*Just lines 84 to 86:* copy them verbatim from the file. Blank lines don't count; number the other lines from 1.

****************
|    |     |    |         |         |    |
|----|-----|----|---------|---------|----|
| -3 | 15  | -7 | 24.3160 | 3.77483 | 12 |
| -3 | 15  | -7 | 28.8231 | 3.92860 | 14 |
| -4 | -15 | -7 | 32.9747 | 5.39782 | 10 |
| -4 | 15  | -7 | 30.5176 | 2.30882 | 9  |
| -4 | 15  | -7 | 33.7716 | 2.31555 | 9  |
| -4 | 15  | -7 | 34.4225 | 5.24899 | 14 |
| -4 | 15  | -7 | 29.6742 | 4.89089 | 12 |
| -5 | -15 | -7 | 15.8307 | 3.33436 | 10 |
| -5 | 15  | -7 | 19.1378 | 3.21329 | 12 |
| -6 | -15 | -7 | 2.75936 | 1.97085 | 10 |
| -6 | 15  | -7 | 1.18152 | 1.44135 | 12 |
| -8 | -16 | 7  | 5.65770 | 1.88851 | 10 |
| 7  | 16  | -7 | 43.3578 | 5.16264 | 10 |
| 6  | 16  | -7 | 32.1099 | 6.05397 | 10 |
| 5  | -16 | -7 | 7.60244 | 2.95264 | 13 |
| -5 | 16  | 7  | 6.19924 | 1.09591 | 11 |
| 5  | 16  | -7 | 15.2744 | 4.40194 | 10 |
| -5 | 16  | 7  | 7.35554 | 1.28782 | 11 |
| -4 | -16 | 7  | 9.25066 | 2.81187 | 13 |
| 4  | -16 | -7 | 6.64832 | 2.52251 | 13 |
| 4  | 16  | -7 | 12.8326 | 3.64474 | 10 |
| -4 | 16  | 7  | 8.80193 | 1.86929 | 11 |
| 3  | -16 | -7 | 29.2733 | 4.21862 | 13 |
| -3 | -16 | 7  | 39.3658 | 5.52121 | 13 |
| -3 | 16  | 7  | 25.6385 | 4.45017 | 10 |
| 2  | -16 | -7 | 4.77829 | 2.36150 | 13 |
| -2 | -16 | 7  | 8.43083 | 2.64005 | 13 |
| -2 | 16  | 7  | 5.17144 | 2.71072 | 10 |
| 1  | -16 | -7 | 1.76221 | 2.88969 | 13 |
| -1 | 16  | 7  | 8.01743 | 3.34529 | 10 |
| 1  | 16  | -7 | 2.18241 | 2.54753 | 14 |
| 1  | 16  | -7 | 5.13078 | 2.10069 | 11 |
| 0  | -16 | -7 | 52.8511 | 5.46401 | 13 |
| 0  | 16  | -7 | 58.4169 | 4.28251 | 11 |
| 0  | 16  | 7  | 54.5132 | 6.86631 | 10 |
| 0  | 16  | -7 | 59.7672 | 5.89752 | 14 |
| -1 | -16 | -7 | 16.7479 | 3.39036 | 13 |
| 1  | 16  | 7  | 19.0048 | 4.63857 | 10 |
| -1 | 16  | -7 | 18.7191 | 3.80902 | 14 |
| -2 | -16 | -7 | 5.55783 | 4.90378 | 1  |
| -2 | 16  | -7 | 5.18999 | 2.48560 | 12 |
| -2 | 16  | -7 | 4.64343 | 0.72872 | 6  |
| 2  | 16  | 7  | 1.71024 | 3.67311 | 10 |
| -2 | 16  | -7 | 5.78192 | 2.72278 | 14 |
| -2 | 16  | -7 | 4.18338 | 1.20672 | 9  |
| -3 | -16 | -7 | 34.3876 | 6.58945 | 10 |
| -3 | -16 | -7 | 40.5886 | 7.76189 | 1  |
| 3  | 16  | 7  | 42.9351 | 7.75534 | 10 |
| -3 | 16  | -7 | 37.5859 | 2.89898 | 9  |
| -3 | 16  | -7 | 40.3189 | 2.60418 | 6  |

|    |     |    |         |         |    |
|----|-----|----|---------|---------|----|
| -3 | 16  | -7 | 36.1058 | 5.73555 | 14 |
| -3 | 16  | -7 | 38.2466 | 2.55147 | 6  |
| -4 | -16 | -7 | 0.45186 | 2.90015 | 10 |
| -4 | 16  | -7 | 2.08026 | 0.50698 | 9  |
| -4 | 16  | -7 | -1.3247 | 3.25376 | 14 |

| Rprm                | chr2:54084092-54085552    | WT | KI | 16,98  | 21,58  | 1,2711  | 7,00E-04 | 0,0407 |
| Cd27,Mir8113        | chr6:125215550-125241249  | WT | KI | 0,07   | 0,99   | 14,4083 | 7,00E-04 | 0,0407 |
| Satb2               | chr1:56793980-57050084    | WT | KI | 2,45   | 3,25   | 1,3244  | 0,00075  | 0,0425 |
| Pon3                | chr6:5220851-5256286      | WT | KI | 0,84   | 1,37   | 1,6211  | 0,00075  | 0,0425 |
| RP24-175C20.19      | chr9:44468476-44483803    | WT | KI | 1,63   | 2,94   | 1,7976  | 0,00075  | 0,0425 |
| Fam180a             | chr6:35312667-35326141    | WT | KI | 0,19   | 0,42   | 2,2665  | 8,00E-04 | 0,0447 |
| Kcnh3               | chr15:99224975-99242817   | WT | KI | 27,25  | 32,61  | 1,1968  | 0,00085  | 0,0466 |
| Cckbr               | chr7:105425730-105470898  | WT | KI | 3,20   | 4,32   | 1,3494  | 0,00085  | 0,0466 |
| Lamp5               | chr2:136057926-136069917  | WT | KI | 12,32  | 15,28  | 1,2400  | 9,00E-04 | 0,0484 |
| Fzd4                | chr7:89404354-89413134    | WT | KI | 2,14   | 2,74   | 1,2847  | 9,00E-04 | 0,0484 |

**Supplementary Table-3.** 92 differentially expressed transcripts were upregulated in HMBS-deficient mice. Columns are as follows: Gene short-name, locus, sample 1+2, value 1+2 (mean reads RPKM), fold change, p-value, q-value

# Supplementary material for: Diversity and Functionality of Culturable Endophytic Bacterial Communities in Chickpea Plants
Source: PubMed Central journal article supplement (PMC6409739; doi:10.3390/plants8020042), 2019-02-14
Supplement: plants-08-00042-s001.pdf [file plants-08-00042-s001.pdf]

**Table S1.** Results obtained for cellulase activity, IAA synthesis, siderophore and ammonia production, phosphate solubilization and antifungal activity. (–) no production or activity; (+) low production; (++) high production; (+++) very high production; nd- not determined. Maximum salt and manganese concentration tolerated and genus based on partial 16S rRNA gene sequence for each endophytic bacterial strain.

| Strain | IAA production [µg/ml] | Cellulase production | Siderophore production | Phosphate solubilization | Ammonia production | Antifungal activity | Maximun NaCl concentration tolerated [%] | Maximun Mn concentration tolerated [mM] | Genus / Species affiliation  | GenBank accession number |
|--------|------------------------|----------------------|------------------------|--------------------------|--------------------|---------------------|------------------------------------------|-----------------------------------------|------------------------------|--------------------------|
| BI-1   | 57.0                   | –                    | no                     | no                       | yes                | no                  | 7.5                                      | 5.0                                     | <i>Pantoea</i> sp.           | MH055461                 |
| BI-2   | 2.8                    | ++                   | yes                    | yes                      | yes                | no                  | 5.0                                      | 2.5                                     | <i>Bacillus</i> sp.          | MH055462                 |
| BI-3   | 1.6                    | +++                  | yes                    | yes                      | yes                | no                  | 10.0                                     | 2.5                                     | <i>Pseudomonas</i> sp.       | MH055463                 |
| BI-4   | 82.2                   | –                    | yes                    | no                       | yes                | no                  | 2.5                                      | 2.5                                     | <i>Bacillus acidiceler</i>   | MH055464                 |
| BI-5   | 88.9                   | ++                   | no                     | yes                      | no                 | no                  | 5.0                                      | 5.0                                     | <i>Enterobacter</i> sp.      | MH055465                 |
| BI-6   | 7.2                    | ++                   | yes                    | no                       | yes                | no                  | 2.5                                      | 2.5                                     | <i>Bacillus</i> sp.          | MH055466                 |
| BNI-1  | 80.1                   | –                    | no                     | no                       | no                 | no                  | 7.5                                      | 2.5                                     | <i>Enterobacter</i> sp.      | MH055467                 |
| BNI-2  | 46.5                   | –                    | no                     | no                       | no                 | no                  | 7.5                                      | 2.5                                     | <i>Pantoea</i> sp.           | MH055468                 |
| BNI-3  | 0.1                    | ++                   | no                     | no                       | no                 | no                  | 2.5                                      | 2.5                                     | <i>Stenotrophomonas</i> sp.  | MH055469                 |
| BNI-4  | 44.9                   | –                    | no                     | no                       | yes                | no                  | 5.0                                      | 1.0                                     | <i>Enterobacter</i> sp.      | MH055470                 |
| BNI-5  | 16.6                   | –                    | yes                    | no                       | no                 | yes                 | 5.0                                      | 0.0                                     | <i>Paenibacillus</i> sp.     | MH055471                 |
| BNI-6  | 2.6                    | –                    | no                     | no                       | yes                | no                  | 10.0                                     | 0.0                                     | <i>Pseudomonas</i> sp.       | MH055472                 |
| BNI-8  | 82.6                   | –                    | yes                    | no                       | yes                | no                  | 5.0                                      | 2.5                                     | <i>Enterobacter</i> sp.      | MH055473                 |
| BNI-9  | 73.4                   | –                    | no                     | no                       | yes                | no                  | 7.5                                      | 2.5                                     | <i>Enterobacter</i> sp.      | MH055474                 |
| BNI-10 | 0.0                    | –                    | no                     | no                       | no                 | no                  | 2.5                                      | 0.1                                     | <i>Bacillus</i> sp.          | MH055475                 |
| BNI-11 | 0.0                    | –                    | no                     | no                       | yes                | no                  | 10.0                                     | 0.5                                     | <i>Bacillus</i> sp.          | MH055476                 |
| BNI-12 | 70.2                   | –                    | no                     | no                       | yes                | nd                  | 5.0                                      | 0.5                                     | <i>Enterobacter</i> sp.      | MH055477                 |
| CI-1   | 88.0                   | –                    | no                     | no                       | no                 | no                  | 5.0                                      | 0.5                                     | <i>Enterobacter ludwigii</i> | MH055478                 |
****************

| BNI-2  | 46.5                   | –                    | no                     | no                       | no                 | no                  | 7.5                                      | 2.5                                     | <i>Pantoea</i> sp.           | MH055468                 |
| BNI-3  | 0.1                    | ++                   | no                     | no                       | no                 | no                  | 2.5                                      | 2.5                                     | <i>Stenotrophomonas</i> sp.  | MH055469                 |
| BNI-4  | 44.9                   | –                    | no                     | no                       | yes                | no                  | 5.0                                      | 1.0                                     | <i>Enterobacter</i> sp.      | MH055470                 |